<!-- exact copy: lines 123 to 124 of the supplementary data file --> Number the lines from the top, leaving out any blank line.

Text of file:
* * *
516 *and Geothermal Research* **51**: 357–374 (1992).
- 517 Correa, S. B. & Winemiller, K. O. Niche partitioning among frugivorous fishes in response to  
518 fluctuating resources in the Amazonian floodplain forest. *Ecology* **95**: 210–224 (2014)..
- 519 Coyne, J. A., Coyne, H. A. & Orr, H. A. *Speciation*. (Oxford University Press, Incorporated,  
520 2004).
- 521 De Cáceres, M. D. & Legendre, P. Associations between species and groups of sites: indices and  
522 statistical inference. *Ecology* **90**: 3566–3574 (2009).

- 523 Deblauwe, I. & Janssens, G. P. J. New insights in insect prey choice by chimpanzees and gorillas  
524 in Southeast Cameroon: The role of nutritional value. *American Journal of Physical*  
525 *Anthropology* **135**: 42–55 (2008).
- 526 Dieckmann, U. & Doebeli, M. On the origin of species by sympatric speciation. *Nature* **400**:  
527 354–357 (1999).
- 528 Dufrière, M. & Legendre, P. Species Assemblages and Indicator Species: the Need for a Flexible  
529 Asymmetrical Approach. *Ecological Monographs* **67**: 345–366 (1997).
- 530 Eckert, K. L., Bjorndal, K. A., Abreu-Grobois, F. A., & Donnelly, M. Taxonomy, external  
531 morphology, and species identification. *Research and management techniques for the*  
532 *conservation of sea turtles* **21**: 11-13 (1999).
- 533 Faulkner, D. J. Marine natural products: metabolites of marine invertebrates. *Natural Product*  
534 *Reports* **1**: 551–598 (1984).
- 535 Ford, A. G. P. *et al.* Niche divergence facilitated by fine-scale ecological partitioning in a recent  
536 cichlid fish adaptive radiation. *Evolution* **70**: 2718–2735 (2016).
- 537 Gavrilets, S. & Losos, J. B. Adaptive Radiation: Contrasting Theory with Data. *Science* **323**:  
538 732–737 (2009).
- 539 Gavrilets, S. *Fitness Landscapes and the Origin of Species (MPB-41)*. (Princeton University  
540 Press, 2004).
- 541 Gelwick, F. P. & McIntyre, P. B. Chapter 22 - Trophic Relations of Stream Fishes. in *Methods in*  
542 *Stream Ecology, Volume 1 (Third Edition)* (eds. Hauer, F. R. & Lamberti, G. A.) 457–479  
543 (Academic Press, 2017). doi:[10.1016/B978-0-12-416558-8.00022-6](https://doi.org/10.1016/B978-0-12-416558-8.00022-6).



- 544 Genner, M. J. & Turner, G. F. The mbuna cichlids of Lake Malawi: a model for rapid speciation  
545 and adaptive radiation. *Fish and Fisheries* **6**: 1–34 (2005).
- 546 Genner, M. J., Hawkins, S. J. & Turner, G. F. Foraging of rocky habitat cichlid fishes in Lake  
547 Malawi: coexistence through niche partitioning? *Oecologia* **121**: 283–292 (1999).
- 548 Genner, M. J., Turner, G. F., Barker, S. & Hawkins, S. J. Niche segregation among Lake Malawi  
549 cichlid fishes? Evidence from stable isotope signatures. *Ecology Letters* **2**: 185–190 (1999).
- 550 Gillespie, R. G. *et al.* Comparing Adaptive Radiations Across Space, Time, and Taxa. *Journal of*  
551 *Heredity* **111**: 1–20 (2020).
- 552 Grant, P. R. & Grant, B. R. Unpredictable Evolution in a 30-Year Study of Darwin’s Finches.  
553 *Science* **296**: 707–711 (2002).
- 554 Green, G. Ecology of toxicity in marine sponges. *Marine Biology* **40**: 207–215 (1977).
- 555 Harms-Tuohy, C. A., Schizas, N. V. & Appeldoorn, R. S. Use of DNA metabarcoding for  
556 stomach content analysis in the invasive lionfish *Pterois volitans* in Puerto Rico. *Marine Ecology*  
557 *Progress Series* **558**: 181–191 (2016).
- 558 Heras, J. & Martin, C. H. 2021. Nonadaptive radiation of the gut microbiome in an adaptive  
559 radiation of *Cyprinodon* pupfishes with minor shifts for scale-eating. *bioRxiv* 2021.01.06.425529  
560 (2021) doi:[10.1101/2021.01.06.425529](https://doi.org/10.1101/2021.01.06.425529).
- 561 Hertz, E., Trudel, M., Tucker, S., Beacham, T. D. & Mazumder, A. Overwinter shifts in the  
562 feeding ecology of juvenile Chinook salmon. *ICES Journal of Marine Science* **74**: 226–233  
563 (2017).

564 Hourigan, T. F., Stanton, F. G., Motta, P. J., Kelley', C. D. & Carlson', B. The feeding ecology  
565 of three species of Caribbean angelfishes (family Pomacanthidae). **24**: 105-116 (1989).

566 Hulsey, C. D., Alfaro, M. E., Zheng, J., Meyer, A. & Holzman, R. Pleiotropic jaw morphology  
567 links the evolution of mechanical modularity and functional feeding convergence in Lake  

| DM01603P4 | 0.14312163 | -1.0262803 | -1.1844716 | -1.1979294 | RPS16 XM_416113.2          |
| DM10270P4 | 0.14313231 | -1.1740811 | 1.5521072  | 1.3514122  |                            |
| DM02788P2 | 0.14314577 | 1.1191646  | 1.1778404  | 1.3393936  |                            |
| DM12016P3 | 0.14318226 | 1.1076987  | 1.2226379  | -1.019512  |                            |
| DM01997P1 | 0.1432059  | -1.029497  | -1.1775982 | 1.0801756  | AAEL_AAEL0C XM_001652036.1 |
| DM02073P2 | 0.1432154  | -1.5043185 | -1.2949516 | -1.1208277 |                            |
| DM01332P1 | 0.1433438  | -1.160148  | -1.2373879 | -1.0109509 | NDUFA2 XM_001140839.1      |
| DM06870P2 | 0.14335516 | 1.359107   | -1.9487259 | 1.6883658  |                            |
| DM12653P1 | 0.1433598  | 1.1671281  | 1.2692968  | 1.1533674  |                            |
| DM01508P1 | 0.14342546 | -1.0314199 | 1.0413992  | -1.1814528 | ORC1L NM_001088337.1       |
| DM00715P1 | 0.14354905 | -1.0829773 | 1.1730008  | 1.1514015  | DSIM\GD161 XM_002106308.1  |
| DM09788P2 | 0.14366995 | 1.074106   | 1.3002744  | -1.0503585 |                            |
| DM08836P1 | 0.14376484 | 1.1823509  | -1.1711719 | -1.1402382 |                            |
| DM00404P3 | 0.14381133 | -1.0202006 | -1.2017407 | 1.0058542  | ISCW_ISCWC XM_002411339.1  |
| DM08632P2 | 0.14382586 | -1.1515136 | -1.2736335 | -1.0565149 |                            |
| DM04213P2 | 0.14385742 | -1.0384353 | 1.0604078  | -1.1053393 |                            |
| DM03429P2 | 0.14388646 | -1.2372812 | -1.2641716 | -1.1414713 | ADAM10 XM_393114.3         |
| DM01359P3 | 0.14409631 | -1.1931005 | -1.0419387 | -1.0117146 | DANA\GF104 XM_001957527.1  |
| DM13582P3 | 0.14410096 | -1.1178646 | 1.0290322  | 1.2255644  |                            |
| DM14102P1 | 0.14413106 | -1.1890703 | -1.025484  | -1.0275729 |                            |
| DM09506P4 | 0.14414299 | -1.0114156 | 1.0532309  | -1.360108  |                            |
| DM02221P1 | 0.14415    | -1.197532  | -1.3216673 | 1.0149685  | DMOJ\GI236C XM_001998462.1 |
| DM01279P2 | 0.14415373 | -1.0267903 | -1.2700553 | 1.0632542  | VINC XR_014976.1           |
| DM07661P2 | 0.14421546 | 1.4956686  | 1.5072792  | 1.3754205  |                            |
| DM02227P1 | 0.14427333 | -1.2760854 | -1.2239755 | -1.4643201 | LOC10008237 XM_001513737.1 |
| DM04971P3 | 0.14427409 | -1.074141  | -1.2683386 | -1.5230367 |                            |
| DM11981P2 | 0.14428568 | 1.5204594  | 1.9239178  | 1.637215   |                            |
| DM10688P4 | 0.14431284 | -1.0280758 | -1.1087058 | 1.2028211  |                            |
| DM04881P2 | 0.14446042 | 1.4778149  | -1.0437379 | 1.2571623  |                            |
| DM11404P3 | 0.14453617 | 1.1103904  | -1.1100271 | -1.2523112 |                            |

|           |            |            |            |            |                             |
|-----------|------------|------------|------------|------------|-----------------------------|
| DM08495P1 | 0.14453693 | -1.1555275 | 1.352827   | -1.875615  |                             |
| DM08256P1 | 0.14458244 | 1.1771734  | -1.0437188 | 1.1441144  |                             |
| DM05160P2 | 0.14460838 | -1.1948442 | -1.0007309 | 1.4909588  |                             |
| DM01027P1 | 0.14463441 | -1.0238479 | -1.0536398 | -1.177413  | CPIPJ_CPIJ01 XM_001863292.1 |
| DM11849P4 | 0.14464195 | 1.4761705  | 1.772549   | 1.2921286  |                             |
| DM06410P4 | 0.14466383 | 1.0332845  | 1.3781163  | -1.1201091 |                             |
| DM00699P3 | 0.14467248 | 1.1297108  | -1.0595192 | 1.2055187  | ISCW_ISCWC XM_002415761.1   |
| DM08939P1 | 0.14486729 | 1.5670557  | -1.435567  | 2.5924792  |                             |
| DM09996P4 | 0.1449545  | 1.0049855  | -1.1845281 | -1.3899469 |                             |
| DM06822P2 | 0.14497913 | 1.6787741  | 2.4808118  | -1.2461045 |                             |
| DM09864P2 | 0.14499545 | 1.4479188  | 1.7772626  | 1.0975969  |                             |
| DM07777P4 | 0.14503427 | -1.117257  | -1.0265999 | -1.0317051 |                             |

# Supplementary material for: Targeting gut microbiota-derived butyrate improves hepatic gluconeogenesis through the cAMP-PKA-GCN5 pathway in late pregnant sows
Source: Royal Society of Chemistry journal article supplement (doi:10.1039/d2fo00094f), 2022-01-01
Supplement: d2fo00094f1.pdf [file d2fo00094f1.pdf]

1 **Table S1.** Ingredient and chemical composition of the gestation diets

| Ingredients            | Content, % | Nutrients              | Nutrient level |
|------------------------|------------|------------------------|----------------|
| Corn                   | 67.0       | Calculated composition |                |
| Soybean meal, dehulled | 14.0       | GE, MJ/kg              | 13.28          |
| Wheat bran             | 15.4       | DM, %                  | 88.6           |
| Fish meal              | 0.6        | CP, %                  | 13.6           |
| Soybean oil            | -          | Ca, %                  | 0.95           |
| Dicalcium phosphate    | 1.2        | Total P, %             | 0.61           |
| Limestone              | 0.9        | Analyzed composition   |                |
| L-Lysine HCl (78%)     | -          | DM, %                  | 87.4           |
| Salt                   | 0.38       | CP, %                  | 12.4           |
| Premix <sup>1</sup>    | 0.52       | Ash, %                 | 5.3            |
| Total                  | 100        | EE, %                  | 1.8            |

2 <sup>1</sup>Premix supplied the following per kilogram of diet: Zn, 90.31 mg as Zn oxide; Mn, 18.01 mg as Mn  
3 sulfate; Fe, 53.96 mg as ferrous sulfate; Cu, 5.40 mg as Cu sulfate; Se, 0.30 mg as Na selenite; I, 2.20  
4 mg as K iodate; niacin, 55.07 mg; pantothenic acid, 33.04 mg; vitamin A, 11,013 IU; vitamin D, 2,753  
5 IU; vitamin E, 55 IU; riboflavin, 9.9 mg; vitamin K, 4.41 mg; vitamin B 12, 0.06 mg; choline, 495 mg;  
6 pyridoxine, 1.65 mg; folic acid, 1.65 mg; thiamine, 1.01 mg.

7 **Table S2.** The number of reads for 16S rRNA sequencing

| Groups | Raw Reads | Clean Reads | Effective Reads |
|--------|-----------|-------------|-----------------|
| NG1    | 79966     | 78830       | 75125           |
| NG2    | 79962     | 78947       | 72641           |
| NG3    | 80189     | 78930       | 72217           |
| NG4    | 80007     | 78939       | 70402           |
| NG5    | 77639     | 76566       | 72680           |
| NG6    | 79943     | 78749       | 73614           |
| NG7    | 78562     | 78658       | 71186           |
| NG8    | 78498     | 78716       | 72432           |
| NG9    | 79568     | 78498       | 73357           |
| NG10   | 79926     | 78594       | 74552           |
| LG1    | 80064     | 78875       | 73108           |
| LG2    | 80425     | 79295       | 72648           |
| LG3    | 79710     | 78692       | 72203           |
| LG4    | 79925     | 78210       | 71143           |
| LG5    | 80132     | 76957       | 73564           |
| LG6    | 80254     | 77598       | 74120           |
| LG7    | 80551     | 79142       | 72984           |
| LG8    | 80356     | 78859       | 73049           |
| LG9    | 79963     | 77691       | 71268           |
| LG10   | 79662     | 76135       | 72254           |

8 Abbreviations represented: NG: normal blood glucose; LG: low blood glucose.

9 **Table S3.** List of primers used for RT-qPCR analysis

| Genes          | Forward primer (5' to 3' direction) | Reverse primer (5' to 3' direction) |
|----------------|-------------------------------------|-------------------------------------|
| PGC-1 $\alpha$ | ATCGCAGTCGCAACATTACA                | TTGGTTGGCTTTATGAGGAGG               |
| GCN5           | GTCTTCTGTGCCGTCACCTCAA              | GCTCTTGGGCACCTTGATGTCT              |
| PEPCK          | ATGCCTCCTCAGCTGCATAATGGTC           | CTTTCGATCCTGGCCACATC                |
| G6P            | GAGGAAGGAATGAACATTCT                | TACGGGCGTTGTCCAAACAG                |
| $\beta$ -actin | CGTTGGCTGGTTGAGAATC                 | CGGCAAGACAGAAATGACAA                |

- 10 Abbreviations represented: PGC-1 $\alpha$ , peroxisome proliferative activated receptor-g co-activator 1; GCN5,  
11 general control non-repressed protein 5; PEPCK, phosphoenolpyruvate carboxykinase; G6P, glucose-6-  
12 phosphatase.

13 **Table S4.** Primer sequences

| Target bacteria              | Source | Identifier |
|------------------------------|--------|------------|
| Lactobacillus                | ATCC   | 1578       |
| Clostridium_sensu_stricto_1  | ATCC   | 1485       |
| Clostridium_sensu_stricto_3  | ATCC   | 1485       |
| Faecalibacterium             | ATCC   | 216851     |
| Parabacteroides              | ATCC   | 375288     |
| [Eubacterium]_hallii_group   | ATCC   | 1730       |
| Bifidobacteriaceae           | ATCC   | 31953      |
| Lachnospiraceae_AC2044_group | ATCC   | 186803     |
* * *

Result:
| NG2    | 79962     | 78947       | 72641           |
| NG3    | 80189     | 78930       | 72217           |